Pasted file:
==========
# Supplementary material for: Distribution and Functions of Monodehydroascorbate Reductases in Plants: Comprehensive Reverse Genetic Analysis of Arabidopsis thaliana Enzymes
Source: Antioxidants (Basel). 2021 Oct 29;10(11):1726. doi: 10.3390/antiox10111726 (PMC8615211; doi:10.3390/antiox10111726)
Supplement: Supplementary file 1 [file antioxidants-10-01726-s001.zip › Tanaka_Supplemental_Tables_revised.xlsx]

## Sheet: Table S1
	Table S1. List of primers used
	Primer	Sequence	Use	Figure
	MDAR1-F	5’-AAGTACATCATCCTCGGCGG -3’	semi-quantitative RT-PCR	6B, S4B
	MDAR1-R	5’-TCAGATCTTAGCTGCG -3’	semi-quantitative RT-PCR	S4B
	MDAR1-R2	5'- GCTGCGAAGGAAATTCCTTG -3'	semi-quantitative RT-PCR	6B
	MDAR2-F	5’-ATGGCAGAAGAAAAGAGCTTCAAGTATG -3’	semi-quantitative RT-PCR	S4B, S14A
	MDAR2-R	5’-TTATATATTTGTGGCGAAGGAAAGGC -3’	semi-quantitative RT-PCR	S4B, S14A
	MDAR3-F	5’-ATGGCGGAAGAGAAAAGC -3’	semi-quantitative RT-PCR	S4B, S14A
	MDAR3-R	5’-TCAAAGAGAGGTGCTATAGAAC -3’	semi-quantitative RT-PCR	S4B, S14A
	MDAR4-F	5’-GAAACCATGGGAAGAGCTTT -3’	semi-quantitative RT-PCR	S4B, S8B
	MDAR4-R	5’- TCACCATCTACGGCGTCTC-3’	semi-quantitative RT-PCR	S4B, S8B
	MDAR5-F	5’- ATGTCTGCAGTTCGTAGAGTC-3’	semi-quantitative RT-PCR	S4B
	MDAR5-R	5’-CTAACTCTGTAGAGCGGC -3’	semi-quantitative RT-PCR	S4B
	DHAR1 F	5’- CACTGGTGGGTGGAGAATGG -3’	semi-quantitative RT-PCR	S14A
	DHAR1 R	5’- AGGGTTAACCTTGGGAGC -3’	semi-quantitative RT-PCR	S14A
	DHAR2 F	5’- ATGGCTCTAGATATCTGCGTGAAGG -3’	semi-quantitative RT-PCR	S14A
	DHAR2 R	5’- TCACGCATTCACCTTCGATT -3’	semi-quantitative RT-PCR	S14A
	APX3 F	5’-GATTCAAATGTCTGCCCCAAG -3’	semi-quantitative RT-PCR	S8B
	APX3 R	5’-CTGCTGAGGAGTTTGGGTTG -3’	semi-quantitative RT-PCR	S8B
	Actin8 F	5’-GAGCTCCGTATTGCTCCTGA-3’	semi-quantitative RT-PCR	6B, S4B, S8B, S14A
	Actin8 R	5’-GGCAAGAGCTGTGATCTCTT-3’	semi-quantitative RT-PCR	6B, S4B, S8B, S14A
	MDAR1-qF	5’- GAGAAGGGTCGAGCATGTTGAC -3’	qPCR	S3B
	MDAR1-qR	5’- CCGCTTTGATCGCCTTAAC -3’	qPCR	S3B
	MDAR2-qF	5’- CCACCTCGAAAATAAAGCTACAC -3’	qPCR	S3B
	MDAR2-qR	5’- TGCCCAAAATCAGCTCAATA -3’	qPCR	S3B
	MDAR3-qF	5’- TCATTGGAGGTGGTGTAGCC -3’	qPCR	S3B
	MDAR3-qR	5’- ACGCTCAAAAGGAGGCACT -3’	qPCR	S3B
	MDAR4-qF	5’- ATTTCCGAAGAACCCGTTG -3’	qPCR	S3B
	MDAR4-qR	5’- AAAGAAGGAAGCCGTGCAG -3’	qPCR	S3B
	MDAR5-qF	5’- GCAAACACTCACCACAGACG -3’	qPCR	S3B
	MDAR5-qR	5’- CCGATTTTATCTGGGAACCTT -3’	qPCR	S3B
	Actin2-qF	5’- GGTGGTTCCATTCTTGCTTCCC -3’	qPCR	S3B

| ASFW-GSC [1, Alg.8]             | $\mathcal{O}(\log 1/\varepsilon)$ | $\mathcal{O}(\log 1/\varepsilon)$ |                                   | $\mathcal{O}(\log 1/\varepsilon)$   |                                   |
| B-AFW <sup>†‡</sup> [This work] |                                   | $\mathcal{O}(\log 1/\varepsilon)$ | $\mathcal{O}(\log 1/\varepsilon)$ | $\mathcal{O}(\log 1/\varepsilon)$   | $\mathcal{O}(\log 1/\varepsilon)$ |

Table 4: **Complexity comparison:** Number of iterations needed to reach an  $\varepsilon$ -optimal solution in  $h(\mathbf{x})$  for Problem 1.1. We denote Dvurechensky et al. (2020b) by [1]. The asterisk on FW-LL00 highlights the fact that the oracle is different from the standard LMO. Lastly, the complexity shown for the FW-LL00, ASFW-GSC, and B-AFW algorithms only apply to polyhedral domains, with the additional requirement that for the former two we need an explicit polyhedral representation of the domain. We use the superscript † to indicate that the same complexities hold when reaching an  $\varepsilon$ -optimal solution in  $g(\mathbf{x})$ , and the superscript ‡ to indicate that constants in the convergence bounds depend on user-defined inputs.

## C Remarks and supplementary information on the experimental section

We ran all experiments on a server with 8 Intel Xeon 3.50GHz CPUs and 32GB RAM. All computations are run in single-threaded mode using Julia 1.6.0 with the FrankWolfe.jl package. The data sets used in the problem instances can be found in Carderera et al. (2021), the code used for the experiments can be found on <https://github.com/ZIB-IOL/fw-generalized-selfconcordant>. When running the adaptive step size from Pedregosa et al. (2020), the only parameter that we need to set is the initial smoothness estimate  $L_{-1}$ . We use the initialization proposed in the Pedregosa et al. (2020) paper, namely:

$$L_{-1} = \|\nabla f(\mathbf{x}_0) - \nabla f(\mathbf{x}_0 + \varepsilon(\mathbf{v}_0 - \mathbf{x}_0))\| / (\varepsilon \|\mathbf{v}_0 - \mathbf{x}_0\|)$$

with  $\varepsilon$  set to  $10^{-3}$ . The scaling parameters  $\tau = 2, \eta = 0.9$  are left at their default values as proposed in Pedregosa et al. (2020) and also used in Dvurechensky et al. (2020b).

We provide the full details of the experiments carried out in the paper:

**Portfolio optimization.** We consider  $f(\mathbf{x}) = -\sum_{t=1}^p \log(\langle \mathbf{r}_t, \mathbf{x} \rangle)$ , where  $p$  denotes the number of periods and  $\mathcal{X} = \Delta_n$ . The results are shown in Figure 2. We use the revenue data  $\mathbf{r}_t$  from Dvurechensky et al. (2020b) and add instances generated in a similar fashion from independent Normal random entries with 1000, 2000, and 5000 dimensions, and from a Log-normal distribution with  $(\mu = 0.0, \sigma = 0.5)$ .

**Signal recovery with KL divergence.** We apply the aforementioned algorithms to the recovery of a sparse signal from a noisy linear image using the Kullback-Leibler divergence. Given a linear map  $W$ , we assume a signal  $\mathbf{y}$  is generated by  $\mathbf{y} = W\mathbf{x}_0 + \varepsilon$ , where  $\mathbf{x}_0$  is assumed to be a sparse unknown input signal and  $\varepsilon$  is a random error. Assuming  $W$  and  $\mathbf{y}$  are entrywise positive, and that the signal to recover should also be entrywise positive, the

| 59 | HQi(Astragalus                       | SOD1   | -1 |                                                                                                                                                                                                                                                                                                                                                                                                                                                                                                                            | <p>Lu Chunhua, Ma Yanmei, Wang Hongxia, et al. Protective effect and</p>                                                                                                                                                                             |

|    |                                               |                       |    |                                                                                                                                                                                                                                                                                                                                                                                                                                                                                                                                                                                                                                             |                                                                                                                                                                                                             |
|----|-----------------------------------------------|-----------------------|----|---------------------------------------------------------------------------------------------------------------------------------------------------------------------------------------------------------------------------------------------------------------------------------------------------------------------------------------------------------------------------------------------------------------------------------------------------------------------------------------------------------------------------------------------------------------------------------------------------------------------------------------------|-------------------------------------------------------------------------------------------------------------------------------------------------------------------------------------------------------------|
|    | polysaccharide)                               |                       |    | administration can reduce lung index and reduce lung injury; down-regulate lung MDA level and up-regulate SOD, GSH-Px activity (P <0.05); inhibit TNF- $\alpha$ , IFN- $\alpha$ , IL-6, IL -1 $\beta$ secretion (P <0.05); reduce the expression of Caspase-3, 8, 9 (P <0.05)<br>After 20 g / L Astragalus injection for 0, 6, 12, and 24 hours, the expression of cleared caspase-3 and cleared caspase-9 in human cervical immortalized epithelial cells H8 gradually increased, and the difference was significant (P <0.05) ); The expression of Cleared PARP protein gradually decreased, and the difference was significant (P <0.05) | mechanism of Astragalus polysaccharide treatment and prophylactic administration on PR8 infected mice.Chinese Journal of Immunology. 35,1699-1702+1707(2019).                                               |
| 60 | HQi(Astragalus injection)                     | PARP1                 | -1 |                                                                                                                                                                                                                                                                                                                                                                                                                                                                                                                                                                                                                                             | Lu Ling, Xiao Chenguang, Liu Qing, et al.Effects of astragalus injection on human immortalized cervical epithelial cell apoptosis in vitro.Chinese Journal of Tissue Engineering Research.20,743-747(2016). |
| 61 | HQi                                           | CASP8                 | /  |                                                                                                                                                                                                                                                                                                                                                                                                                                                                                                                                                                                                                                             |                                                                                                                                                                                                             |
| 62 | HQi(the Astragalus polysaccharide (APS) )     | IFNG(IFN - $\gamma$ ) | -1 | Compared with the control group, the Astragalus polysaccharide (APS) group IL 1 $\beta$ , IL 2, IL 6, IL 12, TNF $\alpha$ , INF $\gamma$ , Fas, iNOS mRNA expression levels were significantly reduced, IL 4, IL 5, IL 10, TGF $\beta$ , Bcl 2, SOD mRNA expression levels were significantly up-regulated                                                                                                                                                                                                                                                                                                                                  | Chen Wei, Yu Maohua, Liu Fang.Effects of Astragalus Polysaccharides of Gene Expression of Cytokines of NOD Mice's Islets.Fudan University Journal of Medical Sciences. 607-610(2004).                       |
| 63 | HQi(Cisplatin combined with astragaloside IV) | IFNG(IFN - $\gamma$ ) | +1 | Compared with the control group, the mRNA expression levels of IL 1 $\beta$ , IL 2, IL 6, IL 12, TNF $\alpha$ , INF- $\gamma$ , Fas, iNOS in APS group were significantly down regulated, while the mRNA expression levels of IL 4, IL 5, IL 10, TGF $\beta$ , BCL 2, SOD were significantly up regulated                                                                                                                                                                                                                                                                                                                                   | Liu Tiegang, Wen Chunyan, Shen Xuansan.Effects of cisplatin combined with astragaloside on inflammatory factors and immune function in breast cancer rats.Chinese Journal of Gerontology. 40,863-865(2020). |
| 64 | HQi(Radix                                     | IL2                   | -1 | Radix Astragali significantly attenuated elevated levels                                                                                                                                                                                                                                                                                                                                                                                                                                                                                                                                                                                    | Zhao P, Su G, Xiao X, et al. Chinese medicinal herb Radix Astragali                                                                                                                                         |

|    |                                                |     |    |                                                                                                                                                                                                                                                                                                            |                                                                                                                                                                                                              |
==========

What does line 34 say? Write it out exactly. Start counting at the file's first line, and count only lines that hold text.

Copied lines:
	MDAR5-qF	5’- GCAAACACTCACCACAGACG -3’	qPCR	S3B